By Attorney Rees Lloyd
May 31, 2010
As Americans gather to remember and honor their war dead at veterans memorials in Memorial Day observances, there have been significant developments in the two most important cases pending regarding the ACLU’s attempts to destroy veterans memorials by Establishment of Religion Clause legal attacks brought on behalf of plaintiffs who complain they are “offended” by the sight of a cross honoring veterans. Those cases are: The Mojave Desert Veterans Memorial Cross Case and the Mount Soledad National Veterans Memorial Cross case. They are certain to be landmarks affecting generations of Americans.
The first case, the Mojave Desert Veterans Memorial Cross Case (Salazar v. Buono) involves a 10-year-long ACLU lawsuit attack on a memorial established by members of the Veterans of Foreign Wars (VFW) in 1934 to honor WWI veterans. It consisted of an unadorned eight-foot metal cross bolted on a rock outcrop known as Sunrise Rock, eleven miles off the highway in the desert.
The U.S. Supreme Court, on April 28, 2010, overturned orders to destroy the cross which the U.S. District Court in Riverside, CA, issued in 2002, and the 9th Circuit Court of Appeal ordered enforced, at the request of ACLU. The Supreme Court remanded the Mojave Cross Case to the District Court for further proceedings consistent with its ruling. (See, for more details on the ruling and history of the case)
A major new development in the Mojave Case is that on the night of May 9-10, 2010, approximately ten days after the Supreme Court ruled, criminal secular extremists desecrated the memorial by tearing down and carrying away the cross. They have not yet been captured. (Discussed below.)
The second case, the Mt. Soledad National Veterans Memorial Cross Case (Trunk, et al., vs. City of San Diego, et al.), is now in the 21st year of ACLU-backed litigation to destroy the cross there by plaintiffs “offended” by it. The Mt. Soledad Veterans Memorial, established in 1954, contains six concentric walls bearing some 2,700 plaques honoring veterans, leading up to a 29-foot tall cross at the pinnacle of Mt. Soledad, where there has been a cross, in one form or another, since 1913. (See, www.soledadmemorial.com)
The Mt. Soledad Case is pending in the 9th Circuit on the appeal of the ACLU from the decision of the U.S. District Court in San Diego that the cross does not violate the Establishment of Religion Clause. That court held that a “reasonable person” would understand that the cross is there in order to symbolize the selfless service and sacrifice of veterans, not to endorse any particular religion.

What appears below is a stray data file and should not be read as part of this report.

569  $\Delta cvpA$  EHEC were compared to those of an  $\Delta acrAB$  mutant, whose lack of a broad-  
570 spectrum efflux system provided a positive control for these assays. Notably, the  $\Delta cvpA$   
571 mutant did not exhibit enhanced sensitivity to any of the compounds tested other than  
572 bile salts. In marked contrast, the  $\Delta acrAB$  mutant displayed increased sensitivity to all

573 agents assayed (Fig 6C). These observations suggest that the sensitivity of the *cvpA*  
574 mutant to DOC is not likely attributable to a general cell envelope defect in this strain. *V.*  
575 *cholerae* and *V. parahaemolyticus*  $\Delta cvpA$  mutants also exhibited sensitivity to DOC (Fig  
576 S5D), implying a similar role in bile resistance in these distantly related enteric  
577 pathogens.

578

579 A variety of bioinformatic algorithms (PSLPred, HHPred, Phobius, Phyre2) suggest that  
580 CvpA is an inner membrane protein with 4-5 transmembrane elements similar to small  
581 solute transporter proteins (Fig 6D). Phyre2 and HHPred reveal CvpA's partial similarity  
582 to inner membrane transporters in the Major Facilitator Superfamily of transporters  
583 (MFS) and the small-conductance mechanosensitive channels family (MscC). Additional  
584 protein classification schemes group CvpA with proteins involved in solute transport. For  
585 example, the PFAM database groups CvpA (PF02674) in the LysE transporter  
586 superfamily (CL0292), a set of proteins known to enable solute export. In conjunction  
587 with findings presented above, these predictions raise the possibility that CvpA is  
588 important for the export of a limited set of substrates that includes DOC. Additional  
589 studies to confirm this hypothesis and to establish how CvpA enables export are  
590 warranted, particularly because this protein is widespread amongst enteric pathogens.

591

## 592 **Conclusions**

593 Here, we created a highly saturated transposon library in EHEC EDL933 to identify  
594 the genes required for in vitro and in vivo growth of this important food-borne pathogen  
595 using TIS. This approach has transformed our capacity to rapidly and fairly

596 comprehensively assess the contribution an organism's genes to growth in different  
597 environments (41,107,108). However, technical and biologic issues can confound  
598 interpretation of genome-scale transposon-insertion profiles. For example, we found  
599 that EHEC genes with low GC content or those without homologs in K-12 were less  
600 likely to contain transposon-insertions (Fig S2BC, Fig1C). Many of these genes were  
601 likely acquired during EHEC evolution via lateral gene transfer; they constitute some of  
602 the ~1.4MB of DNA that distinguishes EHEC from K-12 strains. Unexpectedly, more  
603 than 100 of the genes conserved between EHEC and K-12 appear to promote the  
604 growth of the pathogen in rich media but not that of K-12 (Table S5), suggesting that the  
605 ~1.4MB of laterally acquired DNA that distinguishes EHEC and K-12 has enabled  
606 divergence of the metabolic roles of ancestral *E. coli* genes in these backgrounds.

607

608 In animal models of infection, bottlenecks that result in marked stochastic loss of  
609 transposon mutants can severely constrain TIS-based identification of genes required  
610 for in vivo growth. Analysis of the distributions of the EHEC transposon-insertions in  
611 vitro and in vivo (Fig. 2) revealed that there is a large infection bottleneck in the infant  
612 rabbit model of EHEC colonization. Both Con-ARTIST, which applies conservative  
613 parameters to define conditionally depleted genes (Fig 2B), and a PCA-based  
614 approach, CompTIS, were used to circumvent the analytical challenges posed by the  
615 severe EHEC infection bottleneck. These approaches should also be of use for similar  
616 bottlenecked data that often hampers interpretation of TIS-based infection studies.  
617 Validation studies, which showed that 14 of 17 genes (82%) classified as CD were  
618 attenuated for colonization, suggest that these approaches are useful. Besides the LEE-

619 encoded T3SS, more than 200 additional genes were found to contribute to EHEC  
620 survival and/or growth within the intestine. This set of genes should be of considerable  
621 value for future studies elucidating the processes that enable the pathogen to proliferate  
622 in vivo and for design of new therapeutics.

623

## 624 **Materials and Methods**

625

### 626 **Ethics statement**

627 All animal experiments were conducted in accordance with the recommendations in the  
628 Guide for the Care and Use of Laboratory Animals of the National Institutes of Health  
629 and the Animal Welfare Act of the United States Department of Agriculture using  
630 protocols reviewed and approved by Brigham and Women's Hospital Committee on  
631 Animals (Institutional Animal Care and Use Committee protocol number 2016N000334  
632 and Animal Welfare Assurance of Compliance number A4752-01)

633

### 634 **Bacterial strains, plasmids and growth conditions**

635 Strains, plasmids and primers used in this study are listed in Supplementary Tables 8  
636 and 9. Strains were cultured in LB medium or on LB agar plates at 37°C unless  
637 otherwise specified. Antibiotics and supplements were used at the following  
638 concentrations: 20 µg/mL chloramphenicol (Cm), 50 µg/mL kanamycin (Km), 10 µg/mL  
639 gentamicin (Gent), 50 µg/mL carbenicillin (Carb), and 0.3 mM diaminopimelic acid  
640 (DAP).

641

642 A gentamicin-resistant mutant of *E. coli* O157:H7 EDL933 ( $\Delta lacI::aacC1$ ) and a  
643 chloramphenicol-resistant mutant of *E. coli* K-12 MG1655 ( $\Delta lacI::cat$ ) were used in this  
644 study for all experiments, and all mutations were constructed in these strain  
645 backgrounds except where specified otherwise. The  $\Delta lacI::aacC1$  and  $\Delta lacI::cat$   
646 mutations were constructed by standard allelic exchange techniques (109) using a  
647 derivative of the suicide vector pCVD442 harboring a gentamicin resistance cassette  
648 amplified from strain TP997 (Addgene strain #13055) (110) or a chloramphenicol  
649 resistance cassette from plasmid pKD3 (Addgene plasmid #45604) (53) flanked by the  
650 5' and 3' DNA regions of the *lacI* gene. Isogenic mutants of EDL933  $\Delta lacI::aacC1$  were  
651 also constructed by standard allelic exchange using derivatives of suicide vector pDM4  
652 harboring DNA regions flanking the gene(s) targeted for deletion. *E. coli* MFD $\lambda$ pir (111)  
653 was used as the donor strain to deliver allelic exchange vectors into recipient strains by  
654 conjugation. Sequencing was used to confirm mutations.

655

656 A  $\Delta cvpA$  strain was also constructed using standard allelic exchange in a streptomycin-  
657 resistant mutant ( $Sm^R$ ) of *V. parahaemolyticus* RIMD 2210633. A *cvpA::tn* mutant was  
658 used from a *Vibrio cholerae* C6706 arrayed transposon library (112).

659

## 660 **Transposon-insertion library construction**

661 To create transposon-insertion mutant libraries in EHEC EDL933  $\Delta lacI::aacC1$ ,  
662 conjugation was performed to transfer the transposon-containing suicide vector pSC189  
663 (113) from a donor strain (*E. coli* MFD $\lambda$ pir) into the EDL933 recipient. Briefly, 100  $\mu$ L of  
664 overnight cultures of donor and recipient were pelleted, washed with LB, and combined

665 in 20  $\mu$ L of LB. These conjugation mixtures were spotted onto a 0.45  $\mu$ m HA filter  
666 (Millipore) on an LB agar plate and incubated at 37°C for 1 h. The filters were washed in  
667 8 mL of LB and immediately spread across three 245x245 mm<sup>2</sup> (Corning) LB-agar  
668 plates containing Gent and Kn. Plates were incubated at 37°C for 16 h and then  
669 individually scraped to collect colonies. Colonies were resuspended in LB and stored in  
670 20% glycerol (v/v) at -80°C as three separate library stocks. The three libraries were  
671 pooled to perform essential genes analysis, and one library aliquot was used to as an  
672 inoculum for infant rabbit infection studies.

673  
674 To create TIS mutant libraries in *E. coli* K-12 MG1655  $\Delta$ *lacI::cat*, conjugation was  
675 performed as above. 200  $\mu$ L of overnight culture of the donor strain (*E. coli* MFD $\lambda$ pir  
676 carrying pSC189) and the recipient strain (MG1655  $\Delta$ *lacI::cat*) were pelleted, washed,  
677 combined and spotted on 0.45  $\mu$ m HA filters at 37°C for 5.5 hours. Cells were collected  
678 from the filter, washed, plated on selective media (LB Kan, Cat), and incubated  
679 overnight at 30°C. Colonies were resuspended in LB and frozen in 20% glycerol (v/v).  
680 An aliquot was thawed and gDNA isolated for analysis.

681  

An important development is that the 9th Circuit has now issued an order to the parties for additional legal briefs to be filed in the Mt. Soledad case “on the application of Salazar v. Buono, — S.Ct. —-, 2010 WL 1687118 (2010), to this case. ” (Order issued in Case 3:06-cv-01597-LAB -WMC Trunk, et al v. City of San Diego, et al, USCA Order, May 26, 2010.)
Both the cases, while presenting factual differences, include an Act of Congress transferring a memorial which includes a cross. Further, the language in the Supreme Court’s 5-to-4 Mojave Cross decision written by Justice Kennedy pertaining to inclusion of a cross at a veterans memorial, or more general use of a cross in the public realm, appears to firmly reject the ACLU’s extreme secular position, and to be equally applicable to the Mt. Soledad Veterans Memorial cross. Thus, the order is seen as encouraging by attorneys for veterans fighting the ACLU.
San Diego attorney Charles LiMandri, Regional Director of the Thomas More Law Center, has been the lead attorney fighting the ACLU to save Mt. Soledad “as it is, where it is” in state and federal courts for nearly all of the now twenty-one years that the veterans memorial has been under attack by the ACLU. He said of this latest development:
“We’re encouraged that the 9th circuit appears to be taking seriously the new U.S. Supreme Court precedent which recognizes the right of veterans to have memorials of their choice honoring them for their service, even it means using a cross symbolizing their sacrifice.”
Joseph Infranco, Sr. Attorney of the Alliance Defense Fund which is representing The American Legion Department of California as friend of the court, said: The Supreme Court gave clear guidance in the Mojave memorial case that honoring veterans and acknowledging our nation’s religious heritage is not an establishment of religion. We are encouraged that the appellate court wants to consider this decision’s impact on Mount Soledad. One person’s agenda should not diminish the heroic sacrifice of millions of veterans.”
Full Story: http://www.newswithviews.com/Lloyd/rees102.htm